When I'm Most Like My Mother

A garden dinner in the making

I resemble my mother most on a bright summer Saturday morning. We’re the nearest we’ll ever be on this planet when I transfer clean bed sheets from the washing machine to my laundry basket. She bestows a smile upon me when I slide open the basement door and walk to the clothesline.
I recall our patch of backyard in Warren, Mom snapping out the linen’s wet wrinkles and nodding to me for a clothespin. With three sisters, I was happy to have some time alone with my mother. A typical housewife of her generation, she never played outside with us.  
Even then, I had a sinking feeling I could never hang sheets exactly like Mom.  Her billowing clothesline was a work of art when she finished. The “big” laundry including tablecloths began at the pole. Pillowcases and shorter pieces followed.  To economize clothespins and line, our pajamas and underwear shared a pin with its neighbor.
           It remains a puzzle. Mom was 100% pure Southern, a real McCoy on her daddy’s side. They’re supposed “to move slow as molasses in January.” Not my mother. Not her mother of German heritage. When it came to housework, gardening, and putting up food, they both moved at high speed and productivity.
           I did not inherit that gene. With all the modern kitchen gadgets, I could not and cannot produce the quantity of canned fruits and vegetables in one season that Mom and Granny did.
Speaking of food, after I hung the sheets, my mother followed me to our stringed bean fence. In her golden years, she’d sit and snap lapsful of Uncle Herm’s white-half runners or Uncle Tab’s greasy beans. But she couldn’t countenance Uncle Jim’s Turkey Craws without a frown.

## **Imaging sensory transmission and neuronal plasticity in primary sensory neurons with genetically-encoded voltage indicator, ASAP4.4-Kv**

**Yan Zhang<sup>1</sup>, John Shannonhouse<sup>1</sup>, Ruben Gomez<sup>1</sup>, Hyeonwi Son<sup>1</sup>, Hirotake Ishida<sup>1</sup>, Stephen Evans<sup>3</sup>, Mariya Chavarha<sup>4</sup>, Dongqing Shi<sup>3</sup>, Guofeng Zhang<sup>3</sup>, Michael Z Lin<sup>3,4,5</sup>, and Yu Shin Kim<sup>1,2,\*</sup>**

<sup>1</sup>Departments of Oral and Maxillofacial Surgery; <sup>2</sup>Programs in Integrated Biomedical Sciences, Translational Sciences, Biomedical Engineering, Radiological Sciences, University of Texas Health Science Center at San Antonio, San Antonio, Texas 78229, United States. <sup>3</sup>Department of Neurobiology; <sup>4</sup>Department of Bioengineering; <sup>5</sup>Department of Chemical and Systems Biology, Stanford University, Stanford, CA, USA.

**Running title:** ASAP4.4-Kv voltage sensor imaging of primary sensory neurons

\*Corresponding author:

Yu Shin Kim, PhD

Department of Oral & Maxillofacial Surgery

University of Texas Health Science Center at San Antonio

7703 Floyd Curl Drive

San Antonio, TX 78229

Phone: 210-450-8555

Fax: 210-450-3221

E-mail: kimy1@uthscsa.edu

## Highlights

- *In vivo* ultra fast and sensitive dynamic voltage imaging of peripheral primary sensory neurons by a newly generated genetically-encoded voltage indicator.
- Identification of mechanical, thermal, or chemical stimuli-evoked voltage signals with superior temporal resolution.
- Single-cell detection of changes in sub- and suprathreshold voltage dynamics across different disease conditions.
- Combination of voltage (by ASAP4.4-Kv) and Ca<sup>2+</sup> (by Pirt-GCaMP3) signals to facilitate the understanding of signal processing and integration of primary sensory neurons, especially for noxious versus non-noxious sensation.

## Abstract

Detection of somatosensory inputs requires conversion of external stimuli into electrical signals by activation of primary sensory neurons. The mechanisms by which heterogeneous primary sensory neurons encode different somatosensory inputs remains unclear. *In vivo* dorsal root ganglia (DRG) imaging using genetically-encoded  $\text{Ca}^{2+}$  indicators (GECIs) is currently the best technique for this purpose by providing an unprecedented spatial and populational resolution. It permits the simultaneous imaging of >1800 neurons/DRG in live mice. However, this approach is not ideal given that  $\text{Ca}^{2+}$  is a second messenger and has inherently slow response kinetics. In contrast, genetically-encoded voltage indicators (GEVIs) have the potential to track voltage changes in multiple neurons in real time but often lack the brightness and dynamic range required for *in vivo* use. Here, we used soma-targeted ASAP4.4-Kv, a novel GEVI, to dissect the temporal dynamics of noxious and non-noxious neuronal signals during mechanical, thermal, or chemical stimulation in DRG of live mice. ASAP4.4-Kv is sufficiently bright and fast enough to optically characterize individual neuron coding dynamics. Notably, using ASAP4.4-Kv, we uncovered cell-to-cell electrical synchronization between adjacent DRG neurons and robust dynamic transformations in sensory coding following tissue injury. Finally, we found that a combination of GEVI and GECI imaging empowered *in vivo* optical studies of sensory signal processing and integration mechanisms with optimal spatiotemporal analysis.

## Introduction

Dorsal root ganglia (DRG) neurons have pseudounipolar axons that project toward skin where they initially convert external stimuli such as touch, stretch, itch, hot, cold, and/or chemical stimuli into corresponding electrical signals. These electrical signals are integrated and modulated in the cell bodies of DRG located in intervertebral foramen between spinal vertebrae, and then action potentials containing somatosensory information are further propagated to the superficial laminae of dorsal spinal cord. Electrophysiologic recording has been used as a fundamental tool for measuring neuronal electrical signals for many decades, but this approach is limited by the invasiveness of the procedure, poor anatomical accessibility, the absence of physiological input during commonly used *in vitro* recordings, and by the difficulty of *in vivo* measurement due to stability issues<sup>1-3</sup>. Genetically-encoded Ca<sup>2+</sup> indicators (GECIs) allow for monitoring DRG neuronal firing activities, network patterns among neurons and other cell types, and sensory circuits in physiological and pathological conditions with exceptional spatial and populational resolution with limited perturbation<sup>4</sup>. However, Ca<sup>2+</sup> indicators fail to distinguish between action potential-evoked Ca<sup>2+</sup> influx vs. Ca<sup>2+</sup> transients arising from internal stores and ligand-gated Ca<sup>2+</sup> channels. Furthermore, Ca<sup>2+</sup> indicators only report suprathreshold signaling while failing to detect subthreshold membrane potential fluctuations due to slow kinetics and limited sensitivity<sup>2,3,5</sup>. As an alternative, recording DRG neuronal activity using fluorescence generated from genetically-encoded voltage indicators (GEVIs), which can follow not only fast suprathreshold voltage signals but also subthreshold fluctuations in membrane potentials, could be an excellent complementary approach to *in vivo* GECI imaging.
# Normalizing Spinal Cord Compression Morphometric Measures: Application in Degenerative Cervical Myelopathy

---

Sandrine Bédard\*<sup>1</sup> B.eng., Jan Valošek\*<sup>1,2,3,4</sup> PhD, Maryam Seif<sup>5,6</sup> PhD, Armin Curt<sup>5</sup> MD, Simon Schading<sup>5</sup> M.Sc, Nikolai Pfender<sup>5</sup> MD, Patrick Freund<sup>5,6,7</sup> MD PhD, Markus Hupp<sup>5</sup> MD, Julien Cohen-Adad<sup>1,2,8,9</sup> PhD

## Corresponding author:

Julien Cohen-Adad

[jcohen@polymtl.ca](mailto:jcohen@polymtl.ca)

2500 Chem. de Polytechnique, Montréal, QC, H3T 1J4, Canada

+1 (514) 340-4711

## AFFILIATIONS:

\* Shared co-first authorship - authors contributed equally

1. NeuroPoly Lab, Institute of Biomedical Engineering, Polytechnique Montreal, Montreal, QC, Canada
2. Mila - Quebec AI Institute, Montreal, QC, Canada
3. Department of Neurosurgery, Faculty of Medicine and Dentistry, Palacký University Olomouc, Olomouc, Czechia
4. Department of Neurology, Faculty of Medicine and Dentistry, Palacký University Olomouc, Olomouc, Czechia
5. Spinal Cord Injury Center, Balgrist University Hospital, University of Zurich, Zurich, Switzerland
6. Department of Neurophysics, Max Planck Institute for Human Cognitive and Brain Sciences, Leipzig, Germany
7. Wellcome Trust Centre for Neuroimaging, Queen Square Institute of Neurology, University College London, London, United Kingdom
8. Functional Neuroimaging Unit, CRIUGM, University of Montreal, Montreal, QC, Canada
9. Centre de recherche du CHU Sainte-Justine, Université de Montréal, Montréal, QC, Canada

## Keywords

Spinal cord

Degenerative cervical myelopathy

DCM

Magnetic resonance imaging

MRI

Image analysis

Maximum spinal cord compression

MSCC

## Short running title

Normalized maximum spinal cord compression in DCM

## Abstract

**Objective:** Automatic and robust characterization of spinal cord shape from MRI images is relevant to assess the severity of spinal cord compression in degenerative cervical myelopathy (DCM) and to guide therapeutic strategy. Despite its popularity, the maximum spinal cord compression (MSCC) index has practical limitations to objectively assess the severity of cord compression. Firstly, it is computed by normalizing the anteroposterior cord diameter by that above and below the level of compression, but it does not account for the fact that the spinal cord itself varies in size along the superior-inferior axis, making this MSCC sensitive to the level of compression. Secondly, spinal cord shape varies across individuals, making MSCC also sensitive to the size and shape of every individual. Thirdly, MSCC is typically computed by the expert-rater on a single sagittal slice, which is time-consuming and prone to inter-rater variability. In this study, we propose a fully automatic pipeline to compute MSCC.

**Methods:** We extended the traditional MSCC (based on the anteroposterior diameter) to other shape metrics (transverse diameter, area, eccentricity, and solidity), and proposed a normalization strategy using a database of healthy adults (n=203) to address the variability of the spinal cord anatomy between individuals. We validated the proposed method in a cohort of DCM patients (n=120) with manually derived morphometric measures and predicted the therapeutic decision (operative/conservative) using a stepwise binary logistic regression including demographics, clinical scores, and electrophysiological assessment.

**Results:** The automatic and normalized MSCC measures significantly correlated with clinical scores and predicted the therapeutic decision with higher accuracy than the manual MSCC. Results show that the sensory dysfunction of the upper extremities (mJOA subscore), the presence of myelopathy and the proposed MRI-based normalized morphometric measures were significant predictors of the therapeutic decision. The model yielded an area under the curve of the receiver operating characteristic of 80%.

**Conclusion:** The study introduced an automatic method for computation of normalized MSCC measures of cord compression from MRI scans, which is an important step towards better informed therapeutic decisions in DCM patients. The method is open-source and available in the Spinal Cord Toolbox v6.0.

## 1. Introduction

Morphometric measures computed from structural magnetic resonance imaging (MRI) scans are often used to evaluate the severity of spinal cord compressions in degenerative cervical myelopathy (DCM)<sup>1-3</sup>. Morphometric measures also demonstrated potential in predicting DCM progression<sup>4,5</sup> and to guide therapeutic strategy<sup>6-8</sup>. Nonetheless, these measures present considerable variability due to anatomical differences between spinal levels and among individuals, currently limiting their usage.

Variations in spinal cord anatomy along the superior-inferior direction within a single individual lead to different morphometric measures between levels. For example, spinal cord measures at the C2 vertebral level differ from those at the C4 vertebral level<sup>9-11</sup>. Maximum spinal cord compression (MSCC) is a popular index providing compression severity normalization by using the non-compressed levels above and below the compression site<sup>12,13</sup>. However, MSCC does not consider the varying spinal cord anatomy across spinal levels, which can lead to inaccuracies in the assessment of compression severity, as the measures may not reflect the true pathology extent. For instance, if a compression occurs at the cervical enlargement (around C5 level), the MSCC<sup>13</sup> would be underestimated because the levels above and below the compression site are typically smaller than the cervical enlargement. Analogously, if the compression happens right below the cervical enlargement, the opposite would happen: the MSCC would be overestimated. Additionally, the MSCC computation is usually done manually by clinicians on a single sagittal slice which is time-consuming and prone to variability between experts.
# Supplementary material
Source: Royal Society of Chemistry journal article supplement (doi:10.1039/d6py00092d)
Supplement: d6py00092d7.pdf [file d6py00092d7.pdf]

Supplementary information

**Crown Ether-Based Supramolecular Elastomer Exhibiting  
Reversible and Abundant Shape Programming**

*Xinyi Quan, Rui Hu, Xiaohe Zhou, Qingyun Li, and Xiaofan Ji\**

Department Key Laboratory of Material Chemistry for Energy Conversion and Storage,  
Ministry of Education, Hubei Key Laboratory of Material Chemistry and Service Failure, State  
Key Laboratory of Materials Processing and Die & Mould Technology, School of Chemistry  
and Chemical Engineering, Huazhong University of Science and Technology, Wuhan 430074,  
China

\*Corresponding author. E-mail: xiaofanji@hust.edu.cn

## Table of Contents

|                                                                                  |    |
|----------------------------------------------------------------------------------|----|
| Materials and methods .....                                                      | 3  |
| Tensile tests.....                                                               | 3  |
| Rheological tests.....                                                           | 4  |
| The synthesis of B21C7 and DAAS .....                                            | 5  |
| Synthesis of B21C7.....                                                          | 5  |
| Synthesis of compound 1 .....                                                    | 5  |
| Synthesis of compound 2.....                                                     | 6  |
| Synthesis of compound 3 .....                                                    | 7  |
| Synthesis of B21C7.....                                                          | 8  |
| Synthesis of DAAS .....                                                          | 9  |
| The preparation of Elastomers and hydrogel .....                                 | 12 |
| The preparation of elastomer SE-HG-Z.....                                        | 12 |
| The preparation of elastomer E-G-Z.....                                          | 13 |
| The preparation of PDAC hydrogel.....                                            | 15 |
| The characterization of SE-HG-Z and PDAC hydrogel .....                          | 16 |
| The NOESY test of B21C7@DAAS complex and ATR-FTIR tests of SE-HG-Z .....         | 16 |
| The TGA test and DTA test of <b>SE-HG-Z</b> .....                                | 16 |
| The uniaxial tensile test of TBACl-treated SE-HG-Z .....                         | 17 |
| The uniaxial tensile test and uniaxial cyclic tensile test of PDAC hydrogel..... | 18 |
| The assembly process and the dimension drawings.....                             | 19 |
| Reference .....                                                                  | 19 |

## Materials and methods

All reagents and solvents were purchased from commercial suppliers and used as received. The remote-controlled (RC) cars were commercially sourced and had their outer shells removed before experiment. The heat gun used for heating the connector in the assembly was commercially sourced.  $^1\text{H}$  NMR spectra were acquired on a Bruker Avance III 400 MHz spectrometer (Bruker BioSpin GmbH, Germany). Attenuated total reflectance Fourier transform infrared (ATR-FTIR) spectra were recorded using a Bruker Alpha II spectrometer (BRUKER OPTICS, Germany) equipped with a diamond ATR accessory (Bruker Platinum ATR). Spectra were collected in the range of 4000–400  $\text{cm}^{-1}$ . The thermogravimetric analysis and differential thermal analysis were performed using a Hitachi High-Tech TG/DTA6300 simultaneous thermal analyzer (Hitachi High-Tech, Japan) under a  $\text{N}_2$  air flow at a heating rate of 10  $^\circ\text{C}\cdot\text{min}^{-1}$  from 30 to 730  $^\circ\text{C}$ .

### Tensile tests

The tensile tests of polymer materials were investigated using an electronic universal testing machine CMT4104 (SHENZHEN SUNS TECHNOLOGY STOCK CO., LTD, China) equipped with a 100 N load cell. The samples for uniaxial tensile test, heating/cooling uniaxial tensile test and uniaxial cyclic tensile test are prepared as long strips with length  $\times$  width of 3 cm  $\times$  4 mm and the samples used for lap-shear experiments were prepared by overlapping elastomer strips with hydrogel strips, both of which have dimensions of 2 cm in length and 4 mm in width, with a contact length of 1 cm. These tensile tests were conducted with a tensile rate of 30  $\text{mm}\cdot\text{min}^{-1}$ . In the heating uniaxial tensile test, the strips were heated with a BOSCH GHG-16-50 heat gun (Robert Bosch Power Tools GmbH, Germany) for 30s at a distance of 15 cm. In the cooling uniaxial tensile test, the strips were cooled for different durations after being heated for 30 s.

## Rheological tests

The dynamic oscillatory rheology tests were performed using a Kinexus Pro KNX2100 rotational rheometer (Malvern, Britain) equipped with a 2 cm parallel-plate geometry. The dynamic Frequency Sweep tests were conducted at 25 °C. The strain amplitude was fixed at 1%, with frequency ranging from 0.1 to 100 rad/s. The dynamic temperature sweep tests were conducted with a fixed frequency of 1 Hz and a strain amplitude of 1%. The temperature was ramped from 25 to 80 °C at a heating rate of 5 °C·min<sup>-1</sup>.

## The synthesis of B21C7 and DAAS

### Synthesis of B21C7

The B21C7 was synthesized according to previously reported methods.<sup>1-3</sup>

“Jim lets his beans get too full,” Mom would mumble.
On the other hand, my husband who picked beans on the other side of the fence said, “Don’t pull the beans unless they’re full.”
I prefer the flavor of a full kernel—a small point of agreement that serves our supper table of two with peace and gastronomic pleasure come bean season.
When we at last carry a mess of green beans into the kitchen, the pot calls for the southern treatment seasoned with onion, a few small new potatoes, and bacon grease.
That’s when I most resemble my mother of a summer evening. With cast iron skillet in hand, I ask, “How about a garden dinner with cornbread?”
“Sounds good,” Mel replies. “Your mom always had a huge pot of beans on her stove when we visited.”
“And her favorite Silver Queen sweet corn,” I add.
Dear Reader, I have a feeling Mom wouldn’t approve of the local corn we bring home to complete our garden feast. We’ve had to tweak what we grow in our golden years.
Mind, Mom never had to contend with deer. Not in Appalachia. But she once came upon a copperhead in her strawberry patch.
I’m the furthest I’ll ever be on this planet from a copperhead in a strawberry patch. 

Ode to Purslane

Purslane grows through a staple hole in the weed cloth next to cucumbers

This Persistent Earth

She yields to my pull,
releases her bounty,
for I’ve had enough
of her crawling,
sprawling offspring
in my gardens.

Yet, her seed has a will,
worships sun and rain,
appears again without
restraint, forgives
another hand
that prefers cultivation
rather than raw
wild flavor—free
succulent nourishment.

A mother, Earth gives
food for my good
without due respect
for her gift, without
warning for waste
of Portulaca oleracea,
fecund Purslane that finds
Nirvana in my stony
driveway and loamy
lavender fields.

She yields to my pull,
predictable to reproduce
when a seedpod falls,
or a trace
of root in place
to sprout
and grow again.